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Choosing a Business Entity for Your Rental Property

By Bill Falor, Attorney
Noland, Hamerly, Etienne & Hoss
As published in the Salinas Valley Business Journal, September 2023

Let’s say you and a few friends pooled your money and bought a rental property.  You’re excited – it’s an apartment complex with long-term tenants who pay their rent on time and don’t make a fuss.  You have a joint bank account you use to deposit rent checks and pay expenses (everyone trusts each other) and you’ve secured a solid umbrella policy with a reputable insurer.

But you’ve heard horror stories about insurance companies denying claims and something bugs you – what happens if someone gets injured at the property, insurance denies or only partially covers the claim, and the injured person goes after you and your friends for the rest?  Can they really take your personal assets not tied to the property, e.g., your house and car and life insurance policy?

Unfortunately, the answer is yes – they can.  Without proper liability protection, you and your friends are exposed to personal losses if insurance is insufficient in the event of a claim.  So how can you better protect yourself?  You guessed it – a business entity that holds the property.  But, you can’t just use any business entity – in fact, most are a bad idea because they merely add more complexity to your operation without addressing your underlying business needs.

Here’s a quick primer on your options and why, if you find yourself in the above fact pattern, you might consider using (or not using) a certain entity:

  • General Partnership.   With this entity, all partners are completely liable for all debts of the partnership.  For the above fact pattern, this should be avoided as it does not provide liability protection.
  • Limited Partnership.  This entity provides liability protection for the limited partners, but there must be a general partner who bears the risk.  For the above fact pattern, unless one of the owners is willing to do so, this too should be avoided.  
  • Corporation.  This entity has liability protection for the shareholders, but your CPA will tell you to avoid it because of double taxation (for “C”-corps) or other tax implications beyond the scope of this article (for “S”-corps).  In short, for these reasons and others, we would not recommend using a corporation for the above fact pattern.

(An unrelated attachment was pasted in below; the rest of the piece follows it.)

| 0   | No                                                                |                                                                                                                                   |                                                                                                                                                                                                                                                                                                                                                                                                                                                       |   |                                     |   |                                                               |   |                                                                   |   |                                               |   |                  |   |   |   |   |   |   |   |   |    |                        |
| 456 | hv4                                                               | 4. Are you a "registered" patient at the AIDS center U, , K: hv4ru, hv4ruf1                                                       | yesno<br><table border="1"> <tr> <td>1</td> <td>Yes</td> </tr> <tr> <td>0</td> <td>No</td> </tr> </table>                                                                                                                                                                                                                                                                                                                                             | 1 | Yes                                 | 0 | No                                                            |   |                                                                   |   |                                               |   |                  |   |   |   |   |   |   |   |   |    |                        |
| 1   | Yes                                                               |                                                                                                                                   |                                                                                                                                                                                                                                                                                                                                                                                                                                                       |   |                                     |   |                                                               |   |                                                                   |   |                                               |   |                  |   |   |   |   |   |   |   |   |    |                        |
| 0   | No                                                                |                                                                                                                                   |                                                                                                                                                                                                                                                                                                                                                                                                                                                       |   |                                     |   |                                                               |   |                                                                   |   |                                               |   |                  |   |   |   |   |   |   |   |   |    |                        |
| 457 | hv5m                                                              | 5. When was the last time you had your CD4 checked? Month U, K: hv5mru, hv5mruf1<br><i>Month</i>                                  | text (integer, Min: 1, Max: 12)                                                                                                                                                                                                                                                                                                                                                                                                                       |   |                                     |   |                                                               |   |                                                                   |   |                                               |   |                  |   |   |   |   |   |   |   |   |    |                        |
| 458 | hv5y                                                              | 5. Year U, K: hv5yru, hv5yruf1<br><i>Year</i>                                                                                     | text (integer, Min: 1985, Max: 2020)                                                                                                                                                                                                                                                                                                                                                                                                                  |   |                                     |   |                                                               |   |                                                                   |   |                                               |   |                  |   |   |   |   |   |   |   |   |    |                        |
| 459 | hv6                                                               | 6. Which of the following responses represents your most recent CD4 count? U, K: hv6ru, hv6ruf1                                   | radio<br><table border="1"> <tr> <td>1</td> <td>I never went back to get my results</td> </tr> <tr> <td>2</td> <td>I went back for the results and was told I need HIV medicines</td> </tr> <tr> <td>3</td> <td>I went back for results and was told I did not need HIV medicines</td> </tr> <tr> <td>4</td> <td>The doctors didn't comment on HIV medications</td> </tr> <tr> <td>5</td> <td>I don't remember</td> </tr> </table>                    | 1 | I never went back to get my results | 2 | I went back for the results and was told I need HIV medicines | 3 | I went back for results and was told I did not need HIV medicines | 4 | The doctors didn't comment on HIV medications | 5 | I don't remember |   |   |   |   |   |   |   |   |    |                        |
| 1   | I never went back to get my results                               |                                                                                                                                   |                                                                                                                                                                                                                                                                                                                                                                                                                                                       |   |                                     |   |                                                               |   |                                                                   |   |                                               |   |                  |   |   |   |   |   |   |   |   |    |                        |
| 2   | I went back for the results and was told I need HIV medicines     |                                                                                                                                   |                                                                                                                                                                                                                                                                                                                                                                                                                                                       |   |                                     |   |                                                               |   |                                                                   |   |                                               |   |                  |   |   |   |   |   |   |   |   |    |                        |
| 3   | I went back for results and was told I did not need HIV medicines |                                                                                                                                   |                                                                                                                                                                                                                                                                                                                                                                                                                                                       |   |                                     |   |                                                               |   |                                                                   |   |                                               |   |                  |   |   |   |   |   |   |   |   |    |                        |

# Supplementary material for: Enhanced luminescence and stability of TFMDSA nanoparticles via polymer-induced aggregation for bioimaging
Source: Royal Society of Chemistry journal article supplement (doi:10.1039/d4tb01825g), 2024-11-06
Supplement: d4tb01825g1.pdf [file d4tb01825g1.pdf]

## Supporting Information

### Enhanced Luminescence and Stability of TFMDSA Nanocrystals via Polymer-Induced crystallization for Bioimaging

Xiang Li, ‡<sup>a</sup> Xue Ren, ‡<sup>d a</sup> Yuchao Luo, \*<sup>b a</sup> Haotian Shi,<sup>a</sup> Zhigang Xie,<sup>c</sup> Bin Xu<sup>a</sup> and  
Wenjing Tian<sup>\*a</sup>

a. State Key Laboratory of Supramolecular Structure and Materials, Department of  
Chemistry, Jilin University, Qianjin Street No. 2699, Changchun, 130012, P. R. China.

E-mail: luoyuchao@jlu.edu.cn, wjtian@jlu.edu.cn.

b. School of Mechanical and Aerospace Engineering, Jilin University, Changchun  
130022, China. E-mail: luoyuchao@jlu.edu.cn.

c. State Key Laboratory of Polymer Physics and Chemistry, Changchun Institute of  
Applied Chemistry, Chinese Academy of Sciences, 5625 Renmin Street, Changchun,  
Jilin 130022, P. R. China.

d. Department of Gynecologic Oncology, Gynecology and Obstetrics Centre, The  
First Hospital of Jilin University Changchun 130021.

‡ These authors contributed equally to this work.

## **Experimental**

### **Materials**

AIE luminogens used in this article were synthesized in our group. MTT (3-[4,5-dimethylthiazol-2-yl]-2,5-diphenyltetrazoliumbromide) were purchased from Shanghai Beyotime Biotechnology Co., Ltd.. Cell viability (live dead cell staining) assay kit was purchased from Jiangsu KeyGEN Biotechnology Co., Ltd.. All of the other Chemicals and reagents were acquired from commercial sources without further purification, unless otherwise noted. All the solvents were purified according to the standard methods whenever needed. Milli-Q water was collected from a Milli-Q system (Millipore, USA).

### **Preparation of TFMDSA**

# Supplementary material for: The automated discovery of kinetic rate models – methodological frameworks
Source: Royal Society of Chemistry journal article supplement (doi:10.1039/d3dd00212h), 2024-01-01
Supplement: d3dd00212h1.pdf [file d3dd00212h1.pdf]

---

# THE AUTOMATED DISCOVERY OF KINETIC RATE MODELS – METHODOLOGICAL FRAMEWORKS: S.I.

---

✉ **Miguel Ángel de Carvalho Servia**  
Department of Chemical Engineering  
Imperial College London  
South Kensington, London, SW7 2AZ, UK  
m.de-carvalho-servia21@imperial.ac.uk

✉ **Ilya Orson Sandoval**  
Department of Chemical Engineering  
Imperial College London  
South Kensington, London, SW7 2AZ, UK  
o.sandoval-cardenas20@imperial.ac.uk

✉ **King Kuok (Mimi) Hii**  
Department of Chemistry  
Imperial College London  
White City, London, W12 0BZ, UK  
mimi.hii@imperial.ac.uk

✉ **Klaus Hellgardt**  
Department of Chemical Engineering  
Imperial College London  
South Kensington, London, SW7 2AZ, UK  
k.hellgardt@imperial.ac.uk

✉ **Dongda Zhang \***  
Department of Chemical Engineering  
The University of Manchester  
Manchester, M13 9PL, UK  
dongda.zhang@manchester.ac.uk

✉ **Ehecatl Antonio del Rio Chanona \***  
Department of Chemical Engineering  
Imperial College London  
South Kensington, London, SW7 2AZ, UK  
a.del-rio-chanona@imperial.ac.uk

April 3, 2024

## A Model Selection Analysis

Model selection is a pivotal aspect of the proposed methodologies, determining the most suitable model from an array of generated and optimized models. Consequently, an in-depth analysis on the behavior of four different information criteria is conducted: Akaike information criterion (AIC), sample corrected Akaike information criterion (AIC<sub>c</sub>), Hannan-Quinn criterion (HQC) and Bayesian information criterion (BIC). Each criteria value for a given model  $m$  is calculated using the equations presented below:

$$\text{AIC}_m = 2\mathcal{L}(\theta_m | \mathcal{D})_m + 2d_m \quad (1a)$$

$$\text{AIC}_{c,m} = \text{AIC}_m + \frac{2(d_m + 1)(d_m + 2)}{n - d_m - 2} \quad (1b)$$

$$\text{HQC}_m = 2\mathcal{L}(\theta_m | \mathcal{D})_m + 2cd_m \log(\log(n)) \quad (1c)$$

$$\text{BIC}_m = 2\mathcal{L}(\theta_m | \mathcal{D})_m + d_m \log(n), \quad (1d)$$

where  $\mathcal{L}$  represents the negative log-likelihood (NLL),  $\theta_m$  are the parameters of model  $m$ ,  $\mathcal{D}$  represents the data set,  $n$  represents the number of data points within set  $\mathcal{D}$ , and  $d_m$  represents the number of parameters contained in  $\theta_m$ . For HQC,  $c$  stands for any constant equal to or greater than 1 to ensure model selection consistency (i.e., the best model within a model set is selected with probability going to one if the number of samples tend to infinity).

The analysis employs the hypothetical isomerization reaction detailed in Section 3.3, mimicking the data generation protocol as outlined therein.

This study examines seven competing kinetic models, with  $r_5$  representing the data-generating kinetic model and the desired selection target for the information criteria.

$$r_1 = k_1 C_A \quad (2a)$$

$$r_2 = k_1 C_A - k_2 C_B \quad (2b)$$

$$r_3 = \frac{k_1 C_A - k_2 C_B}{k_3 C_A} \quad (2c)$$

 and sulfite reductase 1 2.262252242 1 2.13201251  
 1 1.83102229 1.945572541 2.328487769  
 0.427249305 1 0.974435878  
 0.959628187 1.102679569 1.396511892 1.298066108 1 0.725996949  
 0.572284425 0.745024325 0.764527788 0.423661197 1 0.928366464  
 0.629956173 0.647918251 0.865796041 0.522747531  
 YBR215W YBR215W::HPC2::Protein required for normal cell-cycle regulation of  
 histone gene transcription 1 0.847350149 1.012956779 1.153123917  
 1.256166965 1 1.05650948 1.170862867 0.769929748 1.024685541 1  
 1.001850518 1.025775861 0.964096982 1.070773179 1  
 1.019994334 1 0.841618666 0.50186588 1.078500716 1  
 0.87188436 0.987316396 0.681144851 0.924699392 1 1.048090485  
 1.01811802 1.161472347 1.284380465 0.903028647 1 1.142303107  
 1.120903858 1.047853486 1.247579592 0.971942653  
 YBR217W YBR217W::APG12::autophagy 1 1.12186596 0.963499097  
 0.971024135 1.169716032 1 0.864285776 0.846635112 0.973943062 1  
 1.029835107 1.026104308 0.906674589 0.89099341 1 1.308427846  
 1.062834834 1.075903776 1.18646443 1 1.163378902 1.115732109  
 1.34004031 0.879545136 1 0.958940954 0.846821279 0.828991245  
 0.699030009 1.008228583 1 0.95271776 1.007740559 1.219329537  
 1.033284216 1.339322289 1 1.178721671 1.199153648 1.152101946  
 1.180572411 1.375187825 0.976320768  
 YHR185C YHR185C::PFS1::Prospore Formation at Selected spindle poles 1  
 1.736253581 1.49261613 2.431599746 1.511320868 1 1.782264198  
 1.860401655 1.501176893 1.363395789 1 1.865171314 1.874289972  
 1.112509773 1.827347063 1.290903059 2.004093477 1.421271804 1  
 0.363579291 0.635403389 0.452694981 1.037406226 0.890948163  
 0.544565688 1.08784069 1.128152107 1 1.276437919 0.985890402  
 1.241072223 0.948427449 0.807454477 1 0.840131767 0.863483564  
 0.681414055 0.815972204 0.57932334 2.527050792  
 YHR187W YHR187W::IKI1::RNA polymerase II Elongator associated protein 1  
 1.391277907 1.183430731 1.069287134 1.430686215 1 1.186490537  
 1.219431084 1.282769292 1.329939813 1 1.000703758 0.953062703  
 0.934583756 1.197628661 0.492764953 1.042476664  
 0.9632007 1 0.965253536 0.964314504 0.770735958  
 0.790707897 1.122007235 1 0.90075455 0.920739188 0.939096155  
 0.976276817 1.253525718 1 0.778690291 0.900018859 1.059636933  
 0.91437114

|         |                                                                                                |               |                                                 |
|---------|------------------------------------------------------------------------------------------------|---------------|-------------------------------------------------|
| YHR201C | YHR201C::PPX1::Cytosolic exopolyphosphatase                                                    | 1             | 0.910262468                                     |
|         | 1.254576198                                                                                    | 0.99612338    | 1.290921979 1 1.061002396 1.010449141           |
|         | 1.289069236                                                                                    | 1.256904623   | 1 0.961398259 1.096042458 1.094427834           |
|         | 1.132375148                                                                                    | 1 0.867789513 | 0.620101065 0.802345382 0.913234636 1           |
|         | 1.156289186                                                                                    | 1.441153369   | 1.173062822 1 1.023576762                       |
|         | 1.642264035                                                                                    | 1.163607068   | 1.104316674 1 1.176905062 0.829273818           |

• Limited Liability Company (LLC).  This is your best option for the above fact pattern – you have liability protection as the company is a separate entity from its owners, you don’t have double taxation, and you don’t have the other tax implications faced by S-corps.  

To be clear, the above analysis is not at all exhaustive with regard to the above fact pattern as it focuses only on liability protection and, to a lesser extent, state/federal income taxes.  That is, issues such as property taxes, estate planning, and administrative expenses and processes should be further explored with qualified counsel, and it should be noted that an LLC has an annual minimum franchise tax of $800 and also a gross receipts tax if your annual revenue exceeds $250,000.  That being said, although these other issues certainly should be explored for the above fact pattern and others like it, we typically find that the benefits provided by the appropriate entity (not least of which being peace of mind) outweigh the issues they may cause.

Obviously, the above fact pattern presents a hypothetical scenario; should you have any questions or need advice on your specific situation, the attorneys at Noland, Hamerly, Etienne & Hoss can help.

This article is intended to address topics of general interest and should not be construed as legal advice.

© 2023 Noland, Hamerly, Etienne & Hoss